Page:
It’s clear the Commonwealth Bank’s decision to suspend the sale process for its wealth management and mortgage broking businesses has been driven by the need to repair the division’s finances (and reputation) in the wake of the banking and finance royal commission.
In their current state the two businesses are unsaleable, or if a price can be struck with a trade buyer (an IPO is out of the question), it would be so low as to generate significant losses.
Even so the CBA surprised yesterday with the announcement of the halt to the sale process because it had been looking at getting $4 to $4.5 billion from a trade sale.
But it now seems clear the two businesses are in no fit state to be sold because of legacy issues like compensation and make good payments flowing from the royal commission recommendations.
While the CBA reiterated that it was still committed to “ultimately” exiting its wealth management and mortgage broking businesses, that is obviously quite a while off, years in fact.
Some commentators though reckon the bank is changing its mind about selling these businesses.
The CBA did not provide any timeframe for the proposed spin-off or separation, causing analysts to speculate that it could eventually retain both businesses.
“CBA is prioritising the implementation of these recommendations, refunding customers and remediating past issues,” the bank said in a statement. “Accordingly, CBA has suspended preparations for the demerger in order to support the focus on these priorities.”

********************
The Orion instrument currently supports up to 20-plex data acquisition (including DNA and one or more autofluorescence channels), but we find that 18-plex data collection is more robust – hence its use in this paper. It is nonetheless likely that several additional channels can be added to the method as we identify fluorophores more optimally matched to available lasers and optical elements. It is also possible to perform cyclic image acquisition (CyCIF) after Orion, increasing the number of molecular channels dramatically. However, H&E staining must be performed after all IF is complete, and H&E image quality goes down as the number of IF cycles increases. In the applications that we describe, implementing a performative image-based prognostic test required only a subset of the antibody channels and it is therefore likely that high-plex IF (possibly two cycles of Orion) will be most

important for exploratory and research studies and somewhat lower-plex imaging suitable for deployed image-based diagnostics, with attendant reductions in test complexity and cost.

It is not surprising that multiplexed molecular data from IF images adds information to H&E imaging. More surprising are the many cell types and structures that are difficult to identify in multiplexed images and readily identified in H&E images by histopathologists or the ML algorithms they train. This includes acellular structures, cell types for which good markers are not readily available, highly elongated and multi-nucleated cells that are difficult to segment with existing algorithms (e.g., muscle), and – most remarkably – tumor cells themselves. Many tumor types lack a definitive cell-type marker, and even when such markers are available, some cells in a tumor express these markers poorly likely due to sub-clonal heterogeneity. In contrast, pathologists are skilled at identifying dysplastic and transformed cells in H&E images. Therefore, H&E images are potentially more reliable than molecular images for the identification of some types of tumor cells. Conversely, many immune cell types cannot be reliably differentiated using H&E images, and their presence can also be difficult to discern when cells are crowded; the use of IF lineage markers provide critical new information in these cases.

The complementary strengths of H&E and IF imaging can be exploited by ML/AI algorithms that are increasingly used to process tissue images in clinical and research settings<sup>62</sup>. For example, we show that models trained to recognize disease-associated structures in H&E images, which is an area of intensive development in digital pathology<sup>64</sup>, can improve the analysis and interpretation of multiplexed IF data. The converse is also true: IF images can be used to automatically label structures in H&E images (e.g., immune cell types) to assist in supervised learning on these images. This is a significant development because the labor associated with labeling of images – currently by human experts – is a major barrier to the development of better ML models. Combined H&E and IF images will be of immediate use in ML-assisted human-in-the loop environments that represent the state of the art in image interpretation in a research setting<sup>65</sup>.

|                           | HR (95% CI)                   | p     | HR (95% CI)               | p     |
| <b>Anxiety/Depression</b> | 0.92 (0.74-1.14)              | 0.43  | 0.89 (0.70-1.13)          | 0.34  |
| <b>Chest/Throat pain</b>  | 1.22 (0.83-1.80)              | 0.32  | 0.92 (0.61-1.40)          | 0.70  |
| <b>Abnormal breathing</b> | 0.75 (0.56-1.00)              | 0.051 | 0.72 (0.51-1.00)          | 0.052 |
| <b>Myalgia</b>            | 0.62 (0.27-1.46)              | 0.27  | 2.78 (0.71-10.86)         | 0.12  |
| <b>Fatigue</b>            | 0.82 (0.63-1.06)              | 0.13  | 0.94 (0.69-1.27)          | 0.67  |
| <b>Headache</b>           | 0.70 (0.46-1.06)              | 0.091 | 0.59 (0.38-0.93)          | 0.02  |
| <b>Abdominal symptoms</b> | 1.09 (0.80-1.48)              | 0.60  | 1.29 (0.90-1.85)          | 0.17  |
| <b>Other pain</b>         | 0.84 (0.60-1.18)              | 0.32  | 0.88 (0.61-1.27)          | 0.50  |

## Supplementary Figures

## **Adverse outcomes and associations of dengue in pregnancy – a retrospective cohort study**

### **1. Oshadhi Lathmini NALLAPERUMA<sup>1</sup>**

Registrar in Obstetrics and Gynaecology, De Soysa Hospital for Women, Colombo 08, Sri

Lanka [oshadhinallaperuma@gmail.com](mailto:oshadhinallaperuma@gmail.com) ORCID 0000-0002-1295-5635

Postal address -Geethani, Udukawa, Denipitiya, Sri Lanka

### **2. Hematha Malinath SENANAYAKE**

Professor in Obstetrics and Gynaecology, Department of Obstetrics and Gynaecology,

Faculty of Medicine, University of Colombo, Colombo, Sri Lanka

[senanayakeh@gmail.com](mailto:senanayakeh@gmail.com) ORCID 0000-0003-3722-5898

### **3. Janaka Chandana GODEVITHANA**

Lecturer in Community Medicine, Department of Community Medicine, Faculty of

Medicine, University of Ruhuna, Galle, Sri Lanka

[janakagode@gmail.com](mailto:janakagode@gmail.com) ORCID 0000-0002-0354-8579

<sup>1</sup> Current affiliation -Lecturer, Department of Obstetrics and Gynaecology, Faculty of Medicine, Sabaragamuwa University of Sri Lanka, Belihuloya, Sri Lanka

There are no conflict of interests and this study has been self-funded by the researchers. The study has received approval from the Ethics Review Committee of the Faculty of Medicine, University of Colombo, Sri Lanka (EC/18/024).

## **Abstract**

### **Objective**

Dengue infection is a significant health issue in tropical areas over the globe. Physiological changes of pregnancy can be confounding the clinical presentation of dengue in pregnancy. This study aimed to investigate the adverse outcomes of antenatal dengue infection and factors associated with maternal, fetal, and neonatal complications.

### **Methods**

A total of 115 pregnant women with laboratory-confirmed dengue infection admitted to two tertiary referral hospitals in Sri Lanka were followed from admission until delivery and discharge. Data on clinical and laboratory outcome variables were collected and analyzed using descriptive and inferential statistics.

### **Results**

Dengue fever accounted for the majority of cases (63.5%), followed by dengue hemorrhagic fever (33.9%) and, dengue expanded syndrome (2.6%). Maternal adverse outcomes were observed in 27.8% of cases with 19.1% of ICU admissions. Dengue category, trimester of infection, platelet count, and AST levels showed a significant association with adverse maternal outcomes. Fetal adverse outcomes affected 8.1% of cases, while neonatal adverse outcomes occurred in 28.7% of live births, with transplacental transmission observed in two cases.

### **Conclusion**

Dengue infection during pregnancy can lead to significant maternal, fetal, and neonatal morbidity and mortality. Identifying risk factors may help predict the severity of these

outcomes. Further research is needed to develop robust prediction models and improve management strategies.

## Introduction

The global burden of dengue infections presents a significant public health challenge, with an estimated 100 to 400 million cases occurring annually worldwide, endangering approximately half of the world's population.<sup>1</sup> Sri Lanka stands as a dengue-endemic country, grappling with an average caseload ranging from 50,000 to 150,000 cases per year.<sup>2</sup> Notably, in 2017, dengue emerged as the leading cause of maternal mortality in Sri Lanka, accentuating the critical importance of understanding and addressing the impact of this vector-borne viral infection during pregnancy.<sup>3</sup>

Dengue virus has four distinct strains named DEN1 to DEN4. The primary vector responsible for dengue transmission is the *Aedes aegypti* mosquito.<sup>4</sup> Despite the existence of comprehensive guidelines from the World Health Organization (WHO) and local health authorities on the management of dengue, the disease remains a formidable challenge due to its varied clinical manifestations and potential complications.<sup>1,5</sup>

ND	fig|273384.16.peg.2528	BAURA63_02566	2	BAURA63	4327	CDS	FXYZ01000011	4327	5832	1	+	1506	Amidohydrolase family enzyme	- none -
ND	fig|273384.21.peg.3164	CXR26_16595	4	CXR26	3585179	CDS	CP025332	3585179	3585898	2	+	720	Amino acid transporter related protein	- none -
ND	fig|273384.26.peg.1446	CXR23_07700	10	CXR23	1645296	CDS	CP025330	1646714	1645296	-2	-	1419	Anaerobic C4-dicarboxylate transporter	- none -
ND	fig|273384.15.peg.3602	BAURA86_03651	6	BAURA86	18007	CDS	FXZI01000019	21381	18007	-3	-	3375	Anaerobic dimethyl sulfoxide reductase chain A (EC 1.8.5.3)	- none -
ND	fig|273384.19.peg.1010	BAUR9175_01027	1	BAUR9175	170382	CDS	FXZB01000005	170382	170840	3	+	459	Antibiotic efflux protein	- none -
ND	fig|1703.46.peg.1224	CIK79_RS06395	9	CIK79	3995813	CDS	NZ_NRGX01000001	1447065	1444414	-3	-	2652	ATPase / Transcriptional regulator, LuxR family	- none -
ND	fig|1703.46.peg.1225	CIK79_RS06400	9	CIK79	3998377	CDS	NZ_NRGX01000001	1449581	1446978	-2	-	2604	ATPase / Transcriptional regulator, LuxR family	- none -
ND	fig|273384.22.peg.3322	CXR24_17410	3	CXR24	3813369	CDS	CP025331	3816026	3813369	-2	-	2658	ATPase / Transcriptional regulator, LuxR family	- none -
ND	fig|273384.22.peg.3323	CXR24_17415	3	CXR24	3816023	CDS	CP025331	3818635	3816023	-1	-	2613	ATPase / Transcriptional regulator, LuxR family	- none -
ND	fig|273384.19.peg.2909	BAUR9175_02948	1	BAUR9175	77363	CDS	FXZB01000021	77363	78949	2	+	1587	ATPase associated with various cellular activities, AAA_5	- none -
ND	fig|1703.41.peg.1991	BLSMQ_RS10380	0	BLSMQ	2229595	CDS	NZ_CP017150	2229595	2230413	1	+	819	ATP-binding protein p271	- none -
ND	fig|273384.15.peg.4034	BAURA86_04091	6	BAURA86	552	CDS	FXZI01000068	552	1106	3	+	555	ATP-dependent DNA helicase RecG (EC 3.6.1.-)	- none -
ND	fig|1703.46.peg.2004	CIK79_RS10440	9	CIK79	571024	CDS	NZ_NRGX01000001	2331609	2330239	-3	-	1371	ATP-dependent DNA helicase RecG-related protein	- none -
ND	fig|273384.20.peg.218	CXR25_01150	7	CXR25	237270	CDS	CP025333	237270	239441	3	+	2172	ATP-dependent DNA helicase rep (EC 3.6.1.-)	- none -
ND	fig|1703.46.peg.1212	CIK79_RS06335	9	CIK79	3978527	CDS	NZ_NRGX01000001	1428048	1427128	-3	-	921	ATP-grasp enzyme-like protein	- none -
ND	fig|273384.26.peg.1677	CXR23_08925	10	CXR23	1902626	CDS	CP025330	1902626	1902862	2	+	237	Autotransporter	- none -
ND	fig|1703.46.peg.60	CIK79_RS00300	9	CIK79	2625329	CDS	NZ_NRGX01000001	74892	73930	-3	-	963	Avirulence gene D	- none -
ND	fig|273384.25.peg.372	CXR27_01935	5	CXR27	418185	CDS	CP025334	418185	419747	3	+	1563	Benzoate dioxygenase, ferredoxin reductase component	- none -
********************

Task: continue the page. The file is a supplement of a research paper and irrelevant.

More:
Last week, the bank said there was still a lot of work to be done under its remedial plan to address the 76 recommendations made by a powerful inquiry into the financial sector, which had revealed widespread instances of misconduct.
Yesterday’s statement made it clear the CBA faces a lengthy process to repair the damage.
There are financial remediation programs for misconduct that occurred over years and which need a massive and continuing investment by the bank in its systems, processes, and people to oversee the remediation programs and the needed upgrading of its compliance and risk capabilities.
Trying to pass these costs and requirements onto a purchaser would have seen the mooted sale price slashed – in fact, you have to ask if the two businesses are unsaleable given the problems and the amounts spent so far by the bank, with more to be invested.
CBA provided a breakdown of the previously-announced $1.46 billion it has spent or provided for remediation. More than $1.2 billion of that total relates to the wealth management businesses that were to be at the core of the demerged operation
Upgrading computer systems and processes and going back through the accounts and other data is proving far more costly than the CBA originally estimated.
The cost so far is $650 million, which is more than the $610 million paid so far to affected customers, with an unknown (but large amount) to come.
In its original idea, the CBA planned to sell or spin off the two businesses with a $200 million indemnity for any further wealth management issues.
That is obviously now redundant given the escalating costs and rather than having the purchaser of the businesses suing the CBA to recover unforeseen costs (and the bad publicity that would go with that), the bank now thinks it would be a cheaper option to take all the costs on itself, write them off, rightsize the two cleaned up businesses and sell them off (or float them if the clean up is believable).
The two businesses had cash earnings of $147 million in the December half-year and funds under management at 31 December around $132 billion – while that was peanuts in the context of the CBA group, which generated underlying cash earnings of $4.7 billion in that period, the reputational damage of extra costs, a possible court action, and possible damages would have been highly embarrassing for the CBA.
Call the suspension a postponement, or better still, a bit of insurance.
CBA shares eased a touch to $72.93 yesterday.